10. Hewsen. "The Kingdom of Arc'ax", p. 47.
  11. Hewsen. "The Kingdom of Arc'ax", p. 49.
  12. Bournoutian, George A. Armenians and Russia, 1626-1796: A Documentary Record. Costa Mesa, CA: Mazda Publishers, 2001, page 397
  13. Bournoutian, George A. Armenians and Russia, 1626-1796: A Documentary Record. Costa Mesa, CA: Mazda Publishers, 2001, page 398
  14. Bournoutian, George A. Armenians and Russia, 1626-1796: A Documentary Record. Costa Mesa, CA: Mazda Publishers, 2001, p. 330, See: "Letter of Meliks of Karabagh to Prince Petemkin, January 23, 1790"
  15. (Russian) Abbas-gulu Aga Bakikhanov. Golestan-i Iram; according to an 18th-century local Turkic-Muslim writer Mirza Adigezal bey, Nadir shah placed Karabakh under his own control, while a 19th-century local Turkic Muslim writer Abbas-gulu Aga Bakikhanov states that the shah placed Karabakh under the control of the governor of Tabriz.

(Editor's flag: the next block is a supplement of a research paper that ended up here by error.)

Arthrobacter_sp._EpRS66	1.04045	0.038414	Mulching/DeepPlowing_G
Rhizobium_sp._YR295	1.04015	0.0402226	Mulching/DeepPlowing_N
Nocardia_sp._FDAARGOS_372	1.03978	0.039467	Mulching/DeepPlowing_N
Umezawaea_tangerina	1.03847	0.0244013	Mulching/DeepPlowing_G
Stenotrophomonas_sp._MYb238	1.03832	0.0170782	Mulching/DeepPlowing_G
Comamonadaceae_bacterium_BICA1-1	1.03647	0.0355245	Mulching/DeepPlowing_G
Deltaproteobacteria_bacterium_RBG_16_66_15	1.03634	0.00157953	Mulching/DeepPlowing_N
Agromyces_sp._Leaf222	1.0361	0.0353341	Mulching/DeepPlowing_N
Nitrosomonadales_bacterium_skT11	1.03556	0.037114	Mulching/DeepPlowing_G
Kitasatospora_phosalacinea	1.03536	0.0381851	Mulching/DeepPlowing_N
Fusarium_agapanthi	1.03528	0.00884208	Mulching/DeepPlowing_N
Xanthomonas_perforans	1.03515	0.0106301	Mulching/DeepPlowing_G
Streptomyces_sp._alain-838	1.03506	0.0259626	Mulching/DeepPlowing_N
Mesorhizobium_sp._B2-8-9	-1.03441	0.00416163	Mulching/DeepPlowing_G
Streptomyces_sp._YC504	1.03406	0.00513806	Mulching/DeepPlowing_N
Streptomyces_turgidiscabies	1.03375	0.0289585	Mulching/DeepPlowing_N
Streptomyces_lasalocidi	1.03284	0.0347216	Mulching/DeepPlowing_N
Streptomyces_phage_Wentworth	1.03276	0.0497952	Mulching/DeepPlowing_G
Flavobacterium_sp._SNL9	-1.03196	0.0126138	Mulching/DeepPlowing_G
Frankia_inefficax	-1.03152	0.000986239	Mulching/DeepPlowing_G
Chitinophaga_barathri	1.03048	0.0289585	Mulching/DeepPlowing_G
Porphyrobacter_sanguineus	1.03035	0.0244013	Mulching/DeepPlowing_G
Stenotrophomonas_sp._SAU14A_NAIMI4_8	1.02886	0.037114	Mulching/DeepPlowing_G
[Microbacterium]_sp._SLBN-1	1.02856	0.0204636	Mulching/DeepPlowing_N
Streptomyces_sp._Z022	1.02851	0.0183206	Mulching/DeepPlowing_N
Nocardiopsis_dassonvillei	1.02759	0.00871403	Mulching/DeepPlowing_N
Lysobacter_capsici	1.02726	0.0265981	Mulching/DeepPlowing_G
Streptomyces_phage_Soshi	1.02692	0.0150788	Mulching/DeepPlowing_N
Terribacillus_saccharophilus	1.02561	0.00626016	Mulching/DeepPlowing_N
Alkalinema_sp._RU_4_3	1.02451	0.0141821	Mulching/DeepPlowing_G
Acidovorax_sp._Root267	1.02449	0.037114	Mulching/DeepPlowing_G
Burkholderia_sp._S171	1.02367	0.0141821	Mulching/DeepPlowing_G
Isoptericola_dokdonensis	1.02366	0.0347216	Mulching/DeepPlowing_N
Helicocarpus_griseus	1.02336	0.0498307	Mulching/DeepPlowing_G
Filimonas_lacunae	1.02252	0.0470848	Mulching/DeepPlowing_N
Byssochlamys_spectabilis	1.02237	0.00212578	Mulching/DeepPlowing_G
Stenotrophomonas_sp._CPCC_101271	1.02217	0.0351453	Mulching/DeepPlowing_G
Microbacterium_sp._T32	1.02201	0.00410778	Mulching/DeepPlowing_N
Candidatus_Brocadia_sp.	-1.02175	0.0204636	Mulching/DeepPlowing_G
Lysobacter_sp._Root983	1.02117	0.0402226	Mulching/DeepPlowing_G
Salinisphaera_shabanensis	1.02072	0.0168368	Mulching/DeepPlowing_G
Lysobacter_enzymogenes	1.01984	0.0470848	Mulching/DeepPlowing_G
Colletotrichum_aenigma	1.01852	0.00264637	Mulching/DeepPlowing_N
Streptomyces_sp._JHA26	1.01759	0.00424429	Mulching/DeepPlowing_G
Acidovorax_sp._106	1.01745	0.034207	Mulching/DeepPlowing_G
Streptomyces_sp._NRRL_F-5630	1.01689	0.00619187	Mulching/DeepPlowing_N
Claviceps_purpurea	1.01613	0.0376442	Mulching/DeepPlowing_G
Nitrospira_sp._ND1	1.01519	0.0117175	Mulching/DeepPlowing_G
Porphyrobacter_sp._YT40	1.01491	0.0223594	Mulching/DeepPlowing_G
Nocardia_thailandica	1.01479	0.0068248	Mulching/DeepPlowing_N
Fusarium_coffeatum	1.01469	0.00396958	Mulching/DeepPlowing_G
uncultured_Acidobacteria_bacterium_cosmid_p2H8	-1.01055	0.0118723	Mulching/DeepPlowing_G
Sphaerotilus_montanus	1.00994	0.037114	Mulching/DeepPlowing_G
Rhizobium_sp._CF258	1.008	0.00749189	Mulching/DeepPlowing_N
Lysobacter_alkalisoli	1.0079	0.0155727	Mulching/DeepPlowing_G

16. (Russian) Mirza Adigezal bey. Karabakh-name, p. 48
  17. Walker, Christopher J. Armenia: Survival of a Nation. London: Routledge, 1990 p. 40 ISBN 0-415-04684-X
  18. 1 2 Chorbajian, Levon; Donabedian Patrick; Mutafian, Claude. The Caucasian Knot: The History and Geo-Politics of Nagorno-Karabagh. NJ: Zed Books, 1994, p. 72
  19. George A. Bournoutian. A History of Qarabagh: An Annotated Translation of Mirza Jamal Javanshir Qarabaghi's Tarikh-e Qarabagh. Mazda Publishers, 1994. p. 17. ISBN 1-56859-011-3, 978-1-568-59011-0
  20. Chorbajian, Levon; Donabedian Patrick; Mutafian, Claude. The Caucasian Knot: The History and Geo-Politics of Nagorno-Karabagh. NJ: Zed Books, 1994, p. 73
  21. Life and Adventures of Emin Joseph Emin 1726-1809 Written by himself. Second edition with Portrait, Correspondence, Reproductions of original Letters and Map*. Calcutta 1918.
  22. A.R. Ioannisian. Joseph Emin. Yerevan, 1989, link to full text

External links